Dempster Windmill Conversion

Learn how this old Dempster windmill was refitted and upgraded, taking it from a rusty bit of scrap to a working bit of history.

| December 2019

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Salvaging a damaged mill for an upgraded classic

Sometimes, accidents are a good thing.

I bought a standing windmill, a 6-foot No. 12 Dempster, for fair money. Then, before I retrieved it, a farmer hooked the tower with his corn planter, causing rapid depreciation! I paid $40 for the fan, motor and tail, and then helped him cut up the rest for scrap.

Later, last winter, a teacher brought me a Dempster Annu-Oiled direct-stroke No. 15 that he wanted rebuilt. This would cost way more and he still would have nothing.

A bit about self-oiling direct-stroke mills. Early mills required your presence up high to grease them on a regular basis; self-oiling eliminated that chore. So, No. 1 son Matt and I took the damaged one apart, straightened the fan blades, and mounted his tail on the “new” mill, rebuilt the swivel and tower bearing, making it substantially better.



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Looking at his old mill, I figured it would make a nice display for “show and tell” in our museum, especially for the younger set. I built an expanded metal guard to set over the working parts, thus keeping small fingers out of harm’s way. A wood pulley on the front will allow one turn to see how a windmill works.

Dempster employed a set of Timken bearings on the main shaft with automatic tensioning, via a spring that compressed when the front hub is installed. A spool between the bearings has, as it were, a “thread” on it, which leads oil to the front bearing, from which it drains back into the motor to repeat the cycle.

I had done several of these, and those with oil remaining in them never had a loose fan shaft. Oiling all the parts on a direct-stroke mill is basically the same as on the later, back-geared No. 12, which stayed the same for the duration. After all, it worked well, so why change? So it goes. FC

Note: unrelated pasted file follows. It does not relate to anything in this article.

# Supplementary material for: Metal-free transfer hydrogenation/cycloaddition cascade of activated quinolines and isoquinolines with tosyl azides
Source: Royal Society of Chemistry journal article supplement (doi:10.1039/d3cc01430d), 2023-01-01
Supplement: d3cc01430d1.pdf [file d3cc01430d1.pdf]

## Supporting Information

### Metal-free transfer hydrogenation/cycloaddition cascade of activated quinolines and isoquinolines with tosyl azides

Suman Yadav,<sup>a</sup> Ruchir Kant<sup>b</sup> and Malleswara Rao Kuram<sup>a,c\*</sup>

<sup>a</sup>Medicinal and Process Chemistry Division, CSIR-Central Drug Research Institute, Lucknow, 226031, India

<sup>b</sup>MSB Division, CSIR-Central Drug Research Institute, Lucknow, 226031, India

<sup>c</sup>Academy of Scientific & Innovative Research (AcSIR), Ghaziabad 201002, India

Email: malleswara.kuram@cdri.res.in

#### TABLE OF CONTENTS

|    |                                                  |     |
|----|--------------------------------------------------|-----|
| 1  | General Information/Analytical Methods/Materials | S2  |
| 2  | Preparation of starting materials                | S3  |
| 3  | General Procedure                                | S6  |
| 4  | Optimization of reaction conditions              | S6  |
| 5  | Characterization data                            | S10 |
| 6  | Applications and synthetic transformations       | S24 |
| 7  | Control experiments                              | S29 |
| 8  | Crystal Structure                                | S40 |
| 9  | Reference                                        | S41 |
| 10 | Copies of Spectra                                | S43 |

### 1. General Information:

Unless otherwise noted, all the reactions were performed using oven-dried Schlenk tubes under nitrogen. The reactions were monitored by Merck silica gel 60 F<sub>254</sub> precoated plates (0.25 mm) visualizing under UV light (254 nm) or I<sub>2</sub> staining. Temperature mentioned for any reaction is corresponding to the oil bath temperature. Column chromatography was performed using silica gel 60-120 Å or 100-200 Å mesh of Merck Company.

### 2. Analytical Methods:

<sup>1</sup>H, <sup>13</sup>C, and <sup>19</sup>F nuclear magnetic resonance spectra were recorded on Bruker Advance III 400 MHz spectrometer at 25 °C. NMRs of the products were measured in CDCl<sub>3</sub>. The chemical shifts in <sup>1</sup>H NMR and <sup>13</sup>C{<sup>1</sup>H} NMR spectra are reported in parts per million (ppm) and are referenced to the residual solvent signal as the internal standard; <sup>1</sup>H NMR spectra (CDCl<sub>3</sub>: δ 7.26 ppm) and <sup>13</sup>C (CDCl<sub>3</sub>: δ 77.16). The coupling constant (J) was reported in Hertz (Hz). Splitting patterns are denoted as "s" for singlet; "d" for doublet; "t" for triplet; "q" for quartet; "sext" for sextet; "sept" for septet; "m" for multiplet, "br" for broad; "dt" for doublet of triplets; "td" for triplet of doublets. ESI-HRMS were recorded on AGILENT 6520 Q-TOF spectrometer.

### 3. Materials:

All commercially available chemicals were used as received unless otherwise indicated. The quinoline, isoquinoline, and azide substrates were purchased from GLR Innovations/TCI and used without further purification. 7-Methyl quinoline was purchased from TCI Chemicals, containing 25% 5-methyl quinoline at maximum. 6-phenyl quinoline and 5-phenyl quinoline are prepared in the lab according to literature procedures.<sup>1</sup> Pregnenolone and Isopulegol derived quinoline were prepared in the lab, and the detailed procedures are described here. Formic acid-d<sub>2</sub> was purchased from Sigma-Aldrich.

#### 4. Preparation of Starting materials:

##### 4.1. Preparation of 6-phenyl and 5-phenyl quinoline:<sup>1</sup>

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1. Detail of the mill’s fan shaft, showing the spring and hub that tensions bearings, keeping them tight. This photo also shows the “thread” that carries oil to the front bearing.

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2. Oil delivery to the upper works on the direct-stroke mill.

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3. Oil delivery to the upper works on the No. 12 back-geared mill, pretty much the same as on a No. 15.



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4. Working parts of the No. 15. Note the lack of wear, as well as a nice brazing job on the upper end.

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5. The bearing assembly, allowing the windmill to follow the wind. Nothing fancy, but functional.

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6. Oil delivery system to front bearing and upper works.

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7. Oil dropped in the bottom tray works its way up the sides to the top, oiling the top works. Nothing happens fast with a windmill.

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8. The direct-stroke mill, set up for our museum.


Jim and Joan Lacey operate Little Village Farm, a museum of farm collectibles housed in 10 buildings at their home near Dell Rapids, S.D. Contact them at (605) 428-5979.



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